A recent Supreme Court decision looked at the effect of non-registration of the change of ownership of a charge on its enforcement.  

The Freemans had mortgaged a number of properties with Bank of Scotland Ireland ("BOSI"). In 2010 BOSI merged with its parent, Bank of Scotland PLC ("BOS") by way of a cross border merger and all its assets transferred to BOS, including the Freemans’ charge. The Freemans defaulted on their payments under the charge and a receiver was appointed by BOS over their properties in order to sell them. At the time the receiver was appointed, BOSI was still the registered owner of the charge in the Land Registry despite the cross border merger. 

The Freemans challenged the validity of the receiver’s appointment in the High Court. One of the arguments put forward by the Freemans was that the receiver was not validly appointed, as BOSI was still the registered owner of the charge. Section 62(6) of the Registration of title Act 1964, as amended, provides that:

“On registration of the owner of a charge on land . . . the registered owner of the charge shall, for the purpose of enforcing his charge, have all the rights and powers of a mortgagee under a legal mortgage, including the power to sell the estate or interest which is subject to the charge.”

The High Court dismissed the Freemans’ claim. The Freeman’s appealed to the Supreme Court relying on the earlier case of Kavanagh v. McLaughlin.

Decision in Kavanagh v McLaughlin

The decision of the Supreme Court in Kavanagh v. McLaughlin which also dealt with the cross border merger of BOSI and BOS confirmed that the cross-border merger had the effect of transferring by operation of law the charge held by BOSI to BOS.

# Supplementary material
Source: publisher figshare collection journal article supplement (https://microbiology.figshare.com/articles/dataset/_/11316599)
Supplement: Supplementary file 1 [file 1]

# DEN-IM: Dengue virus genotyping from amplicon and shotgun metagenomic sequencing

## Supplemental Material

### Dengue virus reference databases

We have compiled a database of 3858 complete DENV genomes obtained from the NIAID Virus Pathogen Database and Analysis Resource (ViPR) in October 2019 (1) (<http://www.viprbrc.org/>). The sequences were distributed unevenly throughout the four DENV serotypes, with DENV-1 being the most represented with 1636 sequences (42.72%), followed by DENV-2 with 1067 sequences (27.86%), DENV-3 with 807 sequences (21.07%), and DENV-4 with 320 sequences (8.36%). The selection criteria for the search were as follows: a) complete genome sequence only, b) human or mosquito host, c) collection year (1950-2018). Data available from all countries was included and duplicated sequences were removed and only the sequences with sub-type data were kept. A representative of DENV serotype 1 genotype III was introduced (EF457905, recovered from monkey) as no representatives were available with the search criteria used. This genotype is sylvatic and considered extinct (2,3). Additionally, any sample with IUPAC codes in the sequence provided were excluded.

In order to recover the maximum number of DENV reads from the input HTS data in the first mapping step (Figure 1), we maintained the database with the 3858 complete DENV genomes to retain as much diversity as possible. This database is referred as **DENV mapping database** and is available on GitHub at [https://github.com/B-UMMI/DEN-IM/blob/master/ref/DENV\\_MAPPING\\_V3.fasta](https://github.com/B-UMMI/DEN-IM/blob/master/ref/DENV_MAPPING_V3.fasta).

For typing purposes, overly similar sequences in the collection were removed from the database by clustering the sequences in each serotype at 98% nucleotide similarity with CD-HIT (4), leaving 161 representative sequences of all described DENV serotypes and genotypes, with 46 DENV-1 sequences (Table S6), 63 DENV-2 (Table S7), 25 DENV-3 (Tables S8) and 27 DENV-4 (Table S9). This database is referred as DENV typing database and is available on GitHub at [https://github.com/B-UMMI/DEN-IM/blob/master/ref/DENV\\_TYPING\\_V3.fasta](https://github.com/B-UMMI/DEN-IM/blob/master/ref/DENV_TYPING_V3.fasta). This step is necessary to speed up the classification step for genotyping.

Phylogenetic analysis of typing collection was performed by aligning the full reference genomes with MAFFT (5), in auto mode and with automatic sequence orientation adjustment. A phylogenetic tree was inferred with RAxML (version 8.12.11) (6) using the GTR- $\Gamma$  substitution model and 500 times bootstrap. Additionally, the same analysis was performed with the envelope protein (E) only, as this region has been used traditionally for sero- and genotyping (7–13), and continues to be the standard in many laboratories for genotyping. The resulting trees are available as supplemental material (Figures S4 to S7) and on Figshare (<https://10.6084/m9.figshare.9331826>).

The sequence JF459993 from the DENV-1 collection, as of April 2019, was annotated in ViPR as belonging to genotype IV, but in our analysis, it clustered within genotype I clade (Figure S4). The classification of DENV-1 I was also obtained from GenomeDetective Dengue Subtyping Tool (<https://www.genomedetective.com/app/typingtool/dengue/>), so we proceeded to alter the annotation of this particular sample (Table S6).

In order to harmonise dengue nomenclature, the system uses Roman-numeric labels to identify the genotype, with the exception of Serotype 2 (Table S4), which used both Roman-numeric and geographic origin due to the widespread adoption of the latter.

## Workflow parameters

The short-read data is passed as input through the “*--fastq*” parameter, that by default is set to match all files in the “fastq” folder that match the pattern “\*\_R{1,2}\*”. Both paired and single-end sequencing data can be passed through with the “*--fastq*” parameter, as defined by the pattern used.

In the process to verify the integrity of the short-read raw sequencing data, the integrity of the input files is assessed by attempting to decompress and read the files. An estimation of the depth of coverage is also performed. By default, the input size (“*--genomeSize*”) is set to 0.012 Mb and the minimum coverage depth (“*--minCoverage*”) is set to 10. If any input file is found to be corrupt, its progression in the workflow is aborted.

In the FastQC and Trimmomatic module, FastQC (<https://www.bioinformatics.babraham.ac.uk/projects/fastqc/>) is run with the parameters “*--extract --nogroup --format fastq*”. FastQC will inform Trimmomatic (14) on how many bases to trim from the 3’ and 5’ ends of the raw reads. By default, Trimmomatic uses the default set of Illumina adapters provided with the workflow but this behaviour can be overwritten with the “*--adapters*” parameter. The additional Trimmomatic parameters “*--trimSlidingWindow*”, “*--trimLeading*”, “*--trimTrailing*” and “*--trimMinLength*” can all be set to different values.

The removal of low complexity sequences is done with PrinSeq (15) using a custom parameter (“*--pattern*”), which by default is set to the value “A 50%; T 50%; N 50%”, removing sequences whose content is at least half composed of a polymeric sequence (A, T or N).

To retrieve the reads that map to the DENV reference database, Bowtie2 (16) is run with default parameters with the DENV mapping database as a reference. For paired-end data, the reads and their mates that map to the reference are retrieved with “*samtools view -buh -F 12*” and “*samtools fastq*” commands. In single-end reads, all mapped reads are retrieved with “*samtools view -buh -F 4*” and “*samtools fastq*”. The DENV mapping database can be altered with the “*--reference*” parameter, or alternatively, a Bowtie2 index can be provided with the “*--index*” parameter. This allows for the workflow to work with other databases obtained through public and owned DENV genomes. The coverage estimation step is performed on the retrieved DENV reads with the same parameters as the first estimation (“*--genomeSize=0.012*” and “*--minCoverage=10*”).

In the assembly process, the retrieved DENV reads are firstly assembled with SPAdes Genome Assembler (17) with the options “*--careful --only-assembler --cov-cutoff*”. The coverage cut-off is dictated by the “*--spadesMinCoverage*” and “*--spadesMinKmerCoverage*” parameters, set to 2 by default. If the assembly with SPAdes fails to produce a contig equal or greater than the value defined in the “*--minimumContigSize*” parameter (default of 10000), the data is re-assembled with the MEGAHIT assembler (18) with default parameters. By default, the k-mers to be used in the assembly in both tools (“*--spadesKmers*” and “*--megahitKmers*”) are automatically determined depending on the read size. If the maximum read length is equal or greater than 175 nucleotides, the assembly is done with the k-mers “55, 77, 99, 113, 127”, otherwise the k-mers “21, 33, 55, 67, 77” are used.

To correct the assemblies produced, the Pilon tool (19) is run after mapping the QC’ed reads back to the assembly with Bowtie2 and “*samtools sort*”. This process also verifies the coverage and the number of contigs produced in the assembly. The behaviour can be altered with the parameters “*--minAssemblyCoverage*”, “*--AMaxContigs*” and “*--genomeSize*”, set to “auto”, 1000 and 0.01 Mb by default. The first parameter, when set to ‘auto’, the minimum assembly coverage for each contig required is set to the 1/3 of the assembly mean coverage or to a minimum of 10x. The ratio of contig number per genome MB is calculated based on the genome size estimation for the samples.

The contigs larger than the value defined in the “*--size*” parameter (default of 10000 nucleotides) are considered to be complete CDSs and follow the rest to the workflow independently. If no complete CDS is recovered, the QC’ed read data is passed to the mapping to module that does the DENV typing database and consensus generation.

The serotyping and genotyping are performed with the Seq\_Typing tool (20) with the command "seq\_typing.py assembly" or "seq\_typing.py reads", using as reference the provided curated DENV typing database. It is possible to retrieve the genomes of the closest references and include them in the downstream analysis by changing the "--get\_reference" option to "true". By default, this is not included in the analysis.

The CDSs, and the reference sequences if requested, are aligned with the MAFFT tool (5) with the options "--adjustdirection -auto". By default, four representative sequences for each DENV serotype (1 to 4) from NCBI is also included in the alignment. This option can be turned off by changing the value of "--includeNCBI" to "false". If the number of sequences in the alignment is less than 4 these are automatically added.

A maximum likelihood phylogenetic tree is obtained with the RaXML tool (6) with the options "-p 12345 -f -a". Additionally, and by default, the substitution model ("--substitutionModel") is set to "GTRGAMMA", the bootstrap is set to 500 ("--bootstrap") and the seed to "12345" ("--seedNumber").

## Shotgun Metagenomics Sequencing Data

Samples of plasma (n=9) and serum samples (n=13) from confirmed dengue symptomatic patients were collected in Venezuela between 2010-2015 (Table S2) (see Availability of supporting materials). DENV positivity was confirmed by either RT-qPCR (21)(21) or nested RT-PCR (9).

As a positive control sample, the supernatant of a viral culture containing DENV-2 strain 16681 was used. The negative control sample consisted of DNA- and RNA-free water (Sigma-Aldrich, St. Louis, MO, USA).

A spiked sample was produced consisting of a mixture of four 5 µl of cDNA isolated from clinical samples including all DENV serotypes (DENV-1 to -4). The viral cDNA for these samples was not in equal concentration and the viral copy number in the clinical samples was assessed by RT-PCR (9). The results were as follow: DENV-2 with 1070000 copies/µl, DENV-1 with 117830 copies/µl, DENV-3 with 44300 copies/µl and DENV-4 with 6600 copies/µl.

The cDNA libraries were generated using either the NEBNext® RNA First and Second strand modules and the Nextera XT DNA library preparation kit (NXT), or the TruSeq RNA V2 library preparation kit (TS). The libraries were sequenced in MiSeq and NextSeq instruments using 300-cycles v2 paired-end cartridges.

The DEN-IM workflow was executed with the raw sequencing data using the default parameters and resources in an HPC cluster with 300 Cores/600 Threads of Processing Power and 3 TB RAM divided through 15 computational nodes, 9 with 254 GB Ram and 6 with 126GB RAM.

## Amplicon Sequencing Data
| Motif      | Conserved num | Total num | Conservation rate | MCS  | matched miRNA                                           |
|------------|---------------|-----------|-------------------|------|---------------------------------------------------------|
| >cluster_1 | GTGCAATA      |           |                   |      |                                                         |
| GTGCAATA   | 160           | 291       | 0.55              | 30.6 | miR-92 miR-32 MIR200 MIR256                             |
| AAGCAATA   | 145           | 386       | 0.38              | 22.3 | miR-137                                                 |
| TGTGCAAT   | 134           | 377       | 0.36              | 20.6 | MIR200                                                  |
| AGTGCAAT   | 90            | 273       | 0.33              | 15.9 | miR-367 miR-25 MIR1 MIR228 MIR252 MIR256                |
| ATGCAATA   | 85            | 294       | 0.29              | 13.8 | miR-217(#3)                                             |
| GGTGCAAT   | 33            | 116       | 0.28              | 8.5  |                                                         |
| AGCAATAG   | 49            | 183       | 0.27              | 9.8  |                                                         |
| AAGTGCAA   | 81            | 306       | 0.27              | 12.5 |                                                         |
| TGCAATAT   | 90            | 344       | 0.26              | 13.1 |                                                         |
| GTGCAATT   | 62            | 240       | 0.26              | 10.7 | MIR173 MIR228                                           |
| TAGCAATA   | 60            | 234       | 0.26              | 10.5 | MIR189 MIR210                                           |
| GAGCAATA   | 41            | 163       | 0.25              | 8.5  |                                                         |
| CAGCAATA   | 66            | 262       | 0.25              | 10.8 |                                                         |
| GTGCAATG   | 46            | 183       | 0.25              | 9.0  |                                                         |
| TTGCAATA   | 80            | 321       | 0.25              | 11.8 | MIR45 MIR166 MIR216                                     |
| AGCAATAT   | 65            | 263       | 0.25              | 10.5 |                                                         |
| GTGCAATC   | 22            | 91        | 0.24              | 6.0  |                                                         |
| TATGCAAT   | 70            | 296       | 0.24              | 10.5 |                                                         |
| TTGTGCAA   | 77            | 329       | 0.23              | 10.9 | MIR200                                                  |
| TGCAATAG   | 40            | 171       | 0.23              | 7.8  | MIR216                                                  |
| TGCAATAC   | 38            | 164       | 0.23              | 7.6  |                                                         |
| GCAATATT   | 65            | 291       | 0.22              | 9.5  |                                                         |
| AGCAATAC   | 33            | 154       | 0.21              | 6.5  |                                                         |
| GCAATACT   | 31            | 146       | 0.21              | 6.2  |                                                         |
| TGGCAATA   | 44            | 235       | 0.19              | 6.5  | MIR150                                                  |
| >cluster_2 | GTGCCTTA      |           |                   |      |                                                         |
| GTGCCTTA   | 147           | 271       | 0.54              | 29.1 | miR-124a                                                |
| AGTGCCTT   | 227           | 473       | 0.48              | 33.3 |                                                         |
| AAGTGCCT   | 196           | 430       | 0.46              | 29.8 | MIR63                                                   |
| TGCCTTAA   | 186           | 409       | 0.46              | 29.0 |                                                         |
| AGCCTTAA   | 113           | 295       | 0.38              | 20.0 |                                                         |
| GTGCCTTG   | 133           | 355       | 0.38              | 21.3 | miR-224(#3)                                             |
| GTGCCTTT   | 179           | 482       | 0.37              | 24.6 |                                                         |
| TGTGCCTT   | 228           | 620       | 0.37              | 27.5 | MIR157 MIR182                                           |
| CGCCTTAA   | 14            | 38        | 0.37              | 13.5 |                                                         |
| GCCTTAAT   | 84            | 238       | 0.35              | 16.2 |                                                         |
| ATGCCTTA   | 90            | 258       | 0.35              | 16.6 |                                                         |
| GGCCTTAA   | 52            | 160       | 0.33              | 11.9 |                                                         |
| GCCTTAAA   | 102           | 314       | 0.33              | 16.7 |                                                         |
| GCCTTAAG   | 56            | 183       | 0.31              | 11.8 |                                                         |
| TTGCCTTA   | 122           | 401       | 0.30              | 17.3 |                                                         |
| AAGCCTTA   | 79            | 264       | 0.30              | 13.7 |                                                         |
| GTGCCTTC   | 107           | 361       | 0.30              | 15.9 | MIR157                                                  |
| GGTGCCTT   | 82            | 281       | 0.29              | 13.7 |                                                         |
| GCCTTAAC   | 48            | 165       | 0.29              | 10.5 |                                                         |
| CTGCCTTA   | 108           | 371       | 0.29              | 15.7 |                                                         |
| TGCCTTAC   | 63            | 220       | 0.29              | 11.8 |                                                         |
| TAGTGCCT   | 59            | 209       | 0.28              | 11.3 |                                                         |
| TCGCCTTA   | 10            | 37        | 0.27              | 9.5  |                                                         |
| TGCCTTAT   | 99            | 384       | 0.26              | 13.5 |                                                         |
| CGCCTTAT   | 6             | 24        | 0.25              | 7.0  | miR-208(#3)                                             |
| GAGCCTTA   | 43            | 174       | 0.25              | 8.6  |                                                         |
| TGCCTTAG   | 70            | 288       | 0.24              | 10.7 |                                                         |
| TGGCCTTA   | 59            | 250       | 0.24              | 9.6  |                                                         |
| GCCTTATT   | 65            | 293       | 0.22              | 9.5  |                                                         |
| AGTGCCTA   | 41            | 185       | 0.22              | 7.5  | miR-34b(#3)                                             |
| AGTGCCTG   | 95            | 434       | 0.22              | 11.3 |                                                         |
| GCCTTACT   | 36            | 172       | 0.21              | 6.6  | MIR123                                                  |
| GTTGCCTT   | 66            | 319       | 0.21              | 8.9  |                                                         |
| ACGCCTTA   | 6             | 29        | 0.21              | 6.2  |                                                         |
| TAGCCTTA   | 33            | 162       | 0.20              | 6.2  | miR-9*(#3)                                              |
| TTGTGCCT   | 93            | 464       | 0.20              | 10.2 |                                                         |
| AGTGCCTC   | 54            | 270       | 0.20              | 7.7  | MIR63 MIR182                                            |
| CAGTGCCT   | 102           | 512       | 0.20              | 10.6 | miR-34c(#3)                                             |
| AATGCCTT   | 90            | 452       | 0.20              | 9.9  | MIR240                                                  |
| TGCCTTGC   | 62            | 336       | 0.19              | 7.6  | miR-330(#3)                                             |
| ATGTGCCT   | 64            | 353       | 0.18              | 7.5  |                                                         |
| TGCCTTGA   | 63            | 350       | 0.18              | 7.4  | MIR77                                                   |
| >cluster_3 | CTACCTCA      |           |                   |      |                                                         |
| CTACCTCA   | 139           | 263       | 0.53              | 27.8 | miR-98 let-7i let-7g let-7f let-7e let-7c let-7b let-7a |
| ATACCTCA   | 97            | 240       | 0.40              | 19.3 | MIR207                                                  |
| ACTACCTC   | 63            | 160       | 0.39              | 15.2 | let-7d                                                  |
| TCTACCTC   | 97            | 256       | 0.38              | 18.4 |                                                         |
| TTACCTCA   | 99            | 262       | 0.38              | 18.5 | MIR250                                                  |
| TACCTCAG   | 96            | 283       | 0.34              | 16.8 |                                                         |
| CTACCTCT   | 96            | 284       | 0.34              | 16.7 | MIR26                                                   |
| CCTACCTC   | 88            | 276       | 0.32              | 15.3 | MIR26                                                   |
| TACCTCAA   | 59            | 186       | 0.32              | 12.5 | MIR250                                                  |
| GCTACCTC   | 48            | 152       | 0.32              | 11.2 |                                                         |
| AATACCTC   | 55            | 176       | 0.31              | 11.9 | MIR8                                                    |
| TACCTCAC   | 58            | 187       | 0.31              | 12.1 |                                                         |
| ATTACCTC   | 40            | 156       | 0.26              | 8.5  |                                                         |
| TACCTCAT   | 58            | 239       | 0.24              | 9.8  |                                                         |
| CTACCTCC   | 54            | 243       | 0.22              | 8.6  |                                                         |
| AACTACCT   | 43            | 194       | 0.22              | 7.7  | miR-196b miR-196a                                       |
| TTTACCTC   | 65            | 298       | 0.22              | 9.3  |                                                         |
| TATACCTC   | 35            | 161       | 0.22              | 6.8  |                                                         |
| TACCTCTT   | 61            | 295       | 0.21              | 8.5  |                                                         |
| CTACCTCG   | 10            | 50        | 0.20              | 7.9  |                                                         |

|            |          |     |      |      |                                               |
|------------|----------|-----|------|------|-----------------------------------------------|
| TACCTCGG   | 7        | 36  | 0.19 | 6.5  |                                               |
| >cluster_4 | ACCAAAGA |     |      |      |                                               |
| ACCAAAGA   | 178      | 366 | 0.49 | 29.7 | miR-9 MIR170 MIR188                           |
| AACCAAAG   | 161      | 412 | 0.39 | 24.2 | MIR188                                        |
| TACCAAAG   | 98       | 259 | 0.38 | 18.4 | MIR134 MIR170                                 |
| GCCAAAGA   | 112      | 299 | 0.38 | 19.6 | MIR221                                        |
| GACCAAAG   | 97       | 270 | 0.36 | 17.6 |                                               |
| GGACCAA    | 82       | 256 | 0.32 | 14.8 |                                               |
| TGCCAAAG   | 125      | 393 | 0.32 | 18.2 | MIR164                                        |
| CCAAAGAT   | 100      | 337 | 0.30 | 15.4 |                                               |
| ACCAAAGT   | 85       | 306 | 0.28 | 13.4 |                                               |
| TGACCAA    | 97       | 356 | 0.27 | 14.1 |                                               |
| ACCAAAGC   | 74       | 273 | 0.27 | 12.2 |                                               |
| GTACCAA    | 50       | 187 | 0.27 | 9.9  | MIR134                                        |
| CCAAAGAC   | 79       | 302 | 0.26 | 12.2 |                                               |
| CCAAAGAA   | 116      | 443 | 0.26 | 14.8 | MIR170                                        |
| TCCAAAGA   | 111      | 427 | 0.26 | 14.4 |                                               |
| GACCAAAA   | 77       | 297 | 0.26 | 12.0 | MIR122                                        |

The Supreme Court decision in Kavanagh v. McLaughlin also confirmed that non-registration of a charge in the name of the transferee under a cross-border merger did not invalidate the appointment of a receiver by the transferee. However, there was an outstanding question following the Kavanagh v. McLaughlin judgment as to whether BOS, or the receiver, could effectively exercise a power of sale and give good title to a purchaser without being registered as owner of the charge. This unanswered question was addressed by the Supreme Court in the Freeman case.

Conclusion of Supreme Court in Freeman & Freeman v Bank of Scotland plc & Ors

The Freemans argued that as BOS had not been registered as owner of the charge, the receiver could not convey good title to the purchasers and the purchasers could face difficulty in registering their title. The Freeman’s argued that this exposed them to a potential liability to the purchasers and, as this was never contemplated at the time of entering into the mortgage, the mortgage was void and the receiver’s appointment invalid.

The Supreme Court confirmed that BOS would need to be registered as owner of the security before it, or a receiver appointed by it, could convey good title to purchaser. However, the Freemans could not benefit from any failures by BOS to take the required procedural steps.

The judgment also determined that:

  • non-registration of a charge over registered land does not prevent a purchaser of the land obtaining an interest that is valid against the owner of the charge; but
  • there would be a difficulty with such a purchaser registering their title until the charge is dealt with.

Freeman & Freeman v Bank of Scotland plc & Ors [2016] IESC 14